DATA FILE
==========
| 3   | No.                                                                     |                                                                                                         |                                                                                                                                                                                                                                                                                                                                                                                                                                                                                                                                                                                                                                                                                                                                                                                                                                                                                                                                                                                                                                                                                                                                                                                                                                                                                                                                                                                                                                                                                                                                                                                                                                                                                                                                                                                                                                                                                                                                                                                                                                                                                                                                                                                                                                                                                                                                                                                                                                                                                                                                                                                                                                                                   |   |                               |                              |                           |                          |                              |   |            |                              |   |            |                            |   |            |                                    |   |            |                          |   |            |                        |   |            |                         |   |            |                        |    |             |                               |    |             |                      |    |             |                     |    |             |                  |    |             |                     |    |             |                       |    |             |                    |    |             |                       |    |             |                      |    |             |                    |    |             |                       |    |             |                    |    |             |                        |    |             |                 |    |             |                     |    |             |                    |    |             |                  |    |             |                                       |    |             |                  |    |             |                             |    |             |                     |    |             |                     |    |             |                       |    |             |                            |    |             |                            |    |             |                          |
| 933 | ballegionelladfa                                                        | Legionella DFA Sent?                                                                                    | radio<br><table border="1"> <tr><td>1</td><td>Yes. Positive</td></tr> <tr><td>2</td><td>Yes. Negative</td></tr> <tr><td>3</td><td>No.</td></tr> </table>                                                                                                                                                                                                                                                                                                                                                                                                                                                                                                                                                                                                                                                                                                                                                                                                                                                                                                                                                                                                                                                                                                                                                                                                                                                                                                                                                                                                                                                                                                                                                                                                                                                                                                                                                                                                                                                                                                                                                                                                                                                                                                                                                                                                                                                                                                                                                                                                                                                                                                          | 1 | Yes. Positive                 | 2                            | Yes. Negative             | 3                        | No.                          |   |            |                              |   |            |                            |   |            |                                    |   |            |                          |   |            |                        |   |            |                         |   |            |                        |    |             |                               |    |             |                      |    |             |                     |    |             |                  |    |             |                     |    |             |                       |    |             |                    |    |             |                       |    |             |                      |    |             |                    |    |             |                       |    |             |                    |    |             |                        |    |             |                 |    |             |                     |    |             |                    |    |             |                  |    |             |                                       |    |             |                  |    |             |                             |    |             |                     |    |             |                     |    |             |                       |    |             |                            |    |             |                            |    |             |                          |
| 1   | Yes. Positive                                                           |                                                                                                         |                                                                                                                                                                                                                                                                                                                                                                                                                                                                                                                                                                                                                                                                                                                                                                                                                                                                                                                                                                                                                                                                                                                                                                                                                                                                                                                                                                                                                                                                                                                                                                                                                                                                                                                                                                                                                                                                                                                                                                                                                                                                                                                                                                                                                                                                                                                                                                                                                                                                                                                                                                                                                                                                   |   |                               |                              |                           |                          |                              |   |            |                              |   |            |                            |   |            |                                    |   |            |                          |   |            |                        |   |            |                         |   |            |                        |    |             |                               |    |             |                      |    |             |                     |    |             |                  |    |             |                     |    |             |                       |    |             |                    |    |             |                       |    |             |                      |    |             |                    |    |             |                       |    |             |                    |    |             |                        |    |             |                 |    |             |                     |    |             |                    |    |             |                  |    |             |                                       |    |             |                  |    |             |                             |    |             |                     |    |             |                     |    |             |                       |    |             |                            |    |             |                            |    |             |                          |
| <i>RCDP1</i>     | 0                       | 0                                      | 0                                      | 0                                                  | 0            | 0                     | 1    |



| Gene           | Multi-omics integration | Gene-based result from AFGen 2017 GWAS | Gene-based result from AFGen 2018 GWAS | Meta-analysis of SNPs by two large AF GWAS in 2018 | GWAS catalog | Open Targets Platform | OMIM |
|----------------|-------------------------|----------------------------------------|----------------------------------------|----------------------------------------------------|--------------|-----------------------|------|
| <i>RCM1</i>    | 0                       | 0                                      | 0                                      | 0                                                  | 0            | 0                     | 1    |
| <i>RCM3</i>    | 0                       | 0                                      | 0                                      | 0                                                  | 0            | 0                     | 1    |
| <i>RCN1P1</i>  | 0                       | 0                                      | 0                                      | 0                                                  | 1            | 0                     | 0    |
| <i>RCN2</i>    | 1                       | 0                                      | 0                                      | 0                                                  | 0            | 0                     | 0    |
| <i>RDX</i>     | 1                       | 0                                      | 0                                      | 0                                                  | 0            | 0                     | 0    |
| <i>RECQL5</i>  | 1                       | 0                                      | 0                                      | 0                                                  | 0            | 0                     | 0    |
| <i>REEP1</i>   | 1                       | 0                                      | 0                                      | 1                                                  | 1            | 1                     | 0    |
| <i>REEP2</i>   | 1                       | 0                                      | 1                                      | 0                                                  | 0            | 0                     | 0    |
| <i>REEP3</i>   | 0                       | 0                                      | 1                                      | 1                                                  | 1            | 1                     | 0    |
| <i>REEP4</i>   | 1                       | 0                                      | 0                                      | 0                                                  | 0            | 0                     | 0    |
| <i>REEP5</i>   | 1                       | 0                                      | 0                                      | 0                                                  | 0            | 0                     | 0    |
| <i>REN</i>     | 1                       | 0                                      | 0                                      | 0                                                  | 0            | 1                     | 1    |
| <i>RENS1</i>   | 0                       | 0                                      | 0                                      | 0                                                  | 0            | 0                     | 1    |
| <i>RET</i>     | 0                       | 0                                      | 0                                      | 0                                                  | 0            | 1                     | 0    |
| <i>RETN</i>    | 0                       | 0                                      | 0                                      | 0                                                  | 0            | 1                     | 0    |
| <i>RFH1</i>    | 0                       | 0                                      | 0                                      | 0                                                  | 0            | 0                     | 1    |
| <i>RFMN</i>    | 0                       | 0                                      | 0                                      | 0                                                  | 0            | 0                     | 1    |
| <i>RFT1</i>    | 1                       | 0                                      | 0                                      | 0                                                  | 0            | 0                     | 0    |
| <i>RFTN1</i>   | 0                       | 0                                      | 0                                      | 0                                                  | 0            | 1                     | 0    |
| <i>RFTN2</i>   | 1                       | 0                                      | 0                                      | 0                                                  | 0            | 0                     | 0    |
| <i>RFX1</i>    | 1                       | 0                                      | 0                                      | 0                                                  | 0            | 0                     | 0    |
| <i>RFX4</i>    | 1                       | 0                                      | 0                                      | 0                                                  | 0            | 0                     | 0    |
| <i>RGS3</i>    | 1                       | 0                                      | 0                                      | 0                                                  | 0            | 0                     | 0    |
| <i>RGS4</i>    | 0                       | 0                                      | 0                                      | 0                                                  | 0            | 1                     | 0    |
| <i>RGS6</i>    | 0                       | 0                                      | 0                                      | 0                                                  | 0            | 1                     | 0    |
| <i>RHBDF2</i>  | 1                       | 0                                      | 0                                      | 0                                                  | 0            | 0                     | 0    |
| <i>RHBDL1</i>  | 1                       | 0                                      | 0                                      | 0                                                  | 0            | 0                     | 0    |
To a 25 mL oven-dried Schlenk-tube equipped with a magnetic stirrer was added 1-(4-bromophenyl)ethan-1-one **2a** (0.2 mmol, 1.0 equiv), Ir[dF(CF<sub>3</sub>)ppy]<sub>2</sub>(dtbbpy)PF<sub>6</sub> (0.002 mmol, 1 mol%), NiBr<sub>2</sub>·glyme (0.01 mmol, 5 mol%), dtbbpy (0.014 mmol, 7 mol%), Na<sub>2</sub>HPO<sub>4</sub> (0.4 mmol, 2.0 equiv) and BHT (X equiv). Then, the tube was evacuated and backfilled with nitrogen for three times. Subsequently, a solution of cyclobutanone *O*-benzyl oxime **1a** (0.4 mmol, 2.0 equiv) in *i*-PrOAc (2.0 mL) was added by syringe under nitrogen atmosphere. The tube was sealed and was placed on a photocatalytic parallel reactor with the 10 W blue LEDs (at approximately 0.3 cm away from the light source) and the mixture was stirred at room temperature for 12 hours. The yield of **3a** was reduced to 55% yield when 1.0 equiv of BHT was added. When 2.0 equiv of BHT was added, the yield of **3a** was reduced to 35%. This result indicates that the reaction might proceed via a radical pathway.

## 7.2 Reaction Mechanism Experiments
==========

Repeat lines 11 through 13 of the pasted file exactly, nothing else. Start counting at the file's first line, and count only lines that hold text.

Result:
| <i>RDX</i>     | 1                       | 0                                      | 0                                      | 0                                                  | 0            | 0                     | 0    |
| <i>RECQL5</i>  | 1                       | 0                                      | 0                                      | 0                                                  | 0            | 0                     | 0    |
| <i>REEP1</i>   | 1                       | 0                                      | 0                                      | 1                                                  | 1            | 1                     | 0    |